Pay Heed, Be Generous
I hit a wall last week, as one does. Regardless, good words found me. I really felt the need to be silent here and elsewhere, and I just listened to that. I took solace though in the way that good people were sharing good words and good things.
I liked this quotation by Dan Rather on Facebook: “Somewhere, amid the darkness, a painter measures a blank canvas, a poet tests a line aloud, a songwriter brings a melody into tune. Art inspires, provokes thought, reflects beauty and pain. I seek it out even more in these times. And in so doing, I find hope in the human spirit.”
In an essay on The Clearing, Kathleen Jamie said this:
“Paying heed to the natural world.
This is what I’d like to think. That the very act of paying attention, of noticing, becomes what Seamus Heaney, speaking of poetry, called a ‘redress’.
That attention weaves resistance. A web of attention-resistance.
What we subsequently do with that noticing, whether we transform it into poetry, art, science or activism comes a little later. But first, there must arise that primary act of attending. Happily, to do that we don’t need special skills, we just need to be human.”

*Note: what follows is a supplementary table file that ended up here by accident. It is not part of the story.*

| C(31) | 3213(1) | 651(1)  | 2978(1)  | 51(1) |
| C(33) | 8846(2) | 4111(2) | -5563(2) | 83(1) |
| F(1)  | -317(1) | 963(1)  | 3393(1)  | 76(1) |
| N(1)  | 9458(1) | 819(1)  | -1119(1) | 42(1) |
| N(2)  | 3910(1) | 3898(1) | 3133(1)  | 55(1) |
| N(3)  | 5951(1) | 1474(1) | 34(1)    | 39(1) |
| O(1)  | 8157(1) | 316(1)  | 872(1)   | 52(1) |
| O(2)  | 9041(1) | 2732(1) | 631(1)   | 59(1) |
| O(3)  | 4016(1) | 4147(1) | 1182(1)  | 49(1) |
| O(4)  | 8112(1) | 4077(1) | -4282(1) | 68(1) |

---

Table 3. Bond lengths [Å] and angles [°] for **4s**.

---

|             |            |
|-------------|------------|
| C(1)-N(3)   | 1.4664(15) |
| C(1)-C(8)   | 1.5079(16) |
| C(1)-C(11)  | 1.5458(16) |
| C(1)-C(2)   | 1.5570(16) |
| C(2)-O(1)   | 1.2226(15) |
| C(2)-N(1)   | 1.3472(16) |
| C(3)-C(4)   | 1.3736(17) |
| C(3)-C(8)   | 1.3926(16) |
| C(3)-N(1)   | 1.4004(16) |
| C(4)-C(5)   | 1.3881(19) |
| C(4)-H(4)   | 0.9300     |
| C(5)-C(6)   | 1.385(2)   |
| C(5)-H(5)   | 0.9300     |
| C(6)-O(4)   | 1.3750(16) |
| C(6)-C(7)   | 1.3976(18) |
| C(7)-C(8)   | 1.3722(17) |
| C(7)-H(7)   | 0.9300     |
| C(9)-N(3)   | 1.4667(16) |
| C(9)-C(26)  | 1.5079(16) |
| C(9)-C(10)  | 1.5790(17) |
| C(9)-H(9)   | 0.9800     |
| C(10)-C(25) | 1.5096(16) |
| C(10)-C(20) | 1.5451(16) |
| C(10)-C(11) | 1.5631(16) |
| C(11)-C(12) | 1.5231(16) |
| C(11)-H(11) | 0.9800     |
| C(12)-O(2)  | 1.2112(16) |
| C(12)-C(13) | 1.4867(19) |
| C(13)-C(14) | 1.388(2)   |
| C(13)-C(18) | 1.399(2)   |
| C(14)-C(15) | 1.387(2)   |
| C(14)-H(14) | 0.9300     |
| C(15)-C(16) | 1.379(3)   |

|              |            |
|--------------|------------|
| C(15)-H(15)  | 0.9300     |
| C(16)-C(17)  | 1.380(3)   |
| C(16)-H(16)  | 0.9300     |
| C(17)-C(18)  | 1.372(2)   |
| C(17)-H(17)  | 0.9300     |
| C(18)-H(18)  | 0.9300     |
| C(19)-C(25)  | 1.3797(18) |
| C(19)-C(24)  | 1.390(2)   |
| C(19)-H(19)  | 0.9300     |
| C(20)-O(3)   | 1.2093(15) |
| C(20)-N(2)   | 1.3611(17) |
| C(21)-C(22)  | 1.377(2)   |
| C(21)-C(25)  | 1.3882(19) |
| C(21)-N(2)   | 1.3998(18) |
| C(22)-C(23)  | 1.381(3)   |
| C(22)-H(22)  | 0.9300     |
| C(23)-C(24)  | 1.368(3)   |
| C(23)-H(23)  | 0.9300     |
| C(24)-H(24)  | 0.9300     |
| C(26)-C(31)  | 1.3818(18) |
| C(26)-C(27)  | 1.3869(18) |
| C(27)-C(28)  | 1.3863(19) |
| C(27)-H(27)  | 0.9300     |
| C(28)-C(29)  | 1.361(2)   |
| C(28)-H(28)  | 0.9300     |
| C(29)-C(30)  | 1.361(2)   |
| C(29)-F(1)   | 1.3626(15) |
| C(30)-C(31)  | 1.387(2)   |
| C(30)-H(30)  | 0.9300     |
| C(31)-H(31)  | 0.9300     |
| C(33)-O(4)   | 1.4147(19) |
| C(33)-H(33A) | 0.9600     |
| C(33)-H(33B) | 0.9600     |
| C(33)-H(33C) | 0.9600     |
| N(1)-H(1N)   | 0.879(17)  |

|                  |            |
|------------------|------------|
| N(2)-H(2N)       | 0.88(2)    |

“Attention is the rarest and purest form of generosity.” This is Simone Weil.
My copy of The Essential Rumi is cracked open to the page with this on it:
Be grateful. Confess when you are not.”
And then, I came across the whole idea of Shine Theory, last week.
“I don’t shine if you don’t shine.”
— Aminatou Sow and Ann Friedman
On Twitter, someone shared this quotation by Louise Glück:
“Poetry survives because it haunts and it haunts, it is simultaneously clear and utterly mysterious, because it cannot be entirely accounted for, it cannot be exhausted,’”
So, if I’m getting this correct, the universe is telling me to be generous, pay heed, to be haunted by poetry, knowing it can’t be exhausted, even when I am. The universe is telling me to be human, and to help other humans be human.
We’re tired, but we’re still making art, in this house. I hope you are as well.